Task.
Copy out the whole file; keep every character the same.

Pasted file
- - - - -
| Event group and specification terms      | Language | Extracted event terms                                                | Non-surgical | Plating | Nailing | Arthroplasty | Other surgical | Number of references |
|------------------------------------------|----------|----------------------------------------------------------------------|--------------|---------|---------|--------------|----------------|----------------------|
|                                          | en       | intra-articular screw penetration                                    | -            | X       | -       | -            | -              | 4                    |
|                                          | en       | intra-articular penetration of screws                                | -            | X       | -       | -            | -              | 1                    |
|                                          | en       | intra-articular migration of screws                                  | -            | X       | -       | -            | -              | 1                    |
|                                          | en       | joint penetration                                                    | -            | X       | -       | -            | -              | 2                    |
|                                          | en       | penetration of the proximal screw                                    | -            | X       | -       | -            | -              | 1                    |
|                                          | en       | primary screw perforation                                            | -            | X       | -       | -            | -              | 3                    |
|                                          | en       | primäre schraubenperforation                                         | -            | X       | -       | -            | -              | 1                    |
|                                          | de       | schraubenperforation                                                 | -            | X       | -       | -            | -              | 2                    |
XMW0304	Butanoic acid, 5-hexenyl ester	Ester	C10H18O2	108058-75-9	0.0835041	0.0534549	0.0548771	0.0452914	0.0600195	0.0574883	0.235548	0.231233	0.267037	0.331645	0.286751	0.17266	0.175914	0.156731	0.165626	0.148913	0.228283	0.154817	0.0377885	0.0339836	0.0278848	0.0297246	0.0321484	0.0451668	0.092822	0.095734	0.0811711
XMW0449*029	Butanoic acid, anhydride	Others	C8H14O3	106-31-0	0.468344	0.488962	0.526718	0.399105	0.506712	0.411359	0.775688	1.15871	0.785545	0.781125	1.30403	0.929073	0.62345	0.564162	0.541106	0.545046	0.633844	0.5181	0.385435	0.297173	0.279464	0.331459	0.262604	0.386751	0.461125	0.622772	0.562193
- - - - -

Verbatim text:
| Event group and specification terms      | Language | Extracted event terms                                                | Non-surgical | Plating | Nailing | Arthroplasty | Other surgical | Number of references |
|------------------------------------------|----------|----------------------------------------------------------------------|--------------|---------|---------|--------------|----------------|----------------------|
|                                          | en       | intra-articular screw penetration                                    | -            | X       | -       | -            | -              | 4                    |
|                                          | en       | intra-articular penetration of screws                                | -            | X       | -       | -            | -              | 1                    |
|                                          | en       | intra-articular migration of screws                                  | -            | X       | -       | -            | -              | 1                    |
|                                          | en       | joint penetration                                                    | -            | X       | -       | -            | -              | 2                    |
|                                          | en       | penetration of the proximal screw                                    | -            | X       | -       | -            | -              | 1                    |
|                                          | en       | primary screw perforation                                            | -            | X       | -       | -            | -              | 3                    |
|                                          | en       | primäre schraubenperforation                                         | -            | X       | -       | -            | -              | 1                    |
|                                          | de       | schraubenperforation                                                 | -            | X       | -       | -            | -              | 2                    |
XMW0304	Butanoic acid, 5-hexenyl ester	Ester	C10H18O2	108058-75-9	0.0835041	0.0534549	0.0548771	0.0452914	0.0600195	0.0574883	0.235548	0.231233	0.267037	0.331645	0.286751	0.17266	0.175914	0.156731	0.165626	0.148913	0.228283	0.154817	0.0377885	0.0339836	0.0278848	0.0297246	0.0321484	0.0451668	0.092822	0.095734	0.0811711
XMW0449*029	Butanoic acid, anhydride	Others	C8H14O3	106-31-0	0.468344	0.488962	0.526718	0.399105	0.506712	0.411359	0.775688	1.15871	0.785545	0.781125	1.30403	0.929073	0.62345	0.564162	0.541106	0.545046	0.633844	0.5181	0.385435	0.297173	0.279464	0.331459	0.262604	0.386751	0.461125	0.622772	0.562193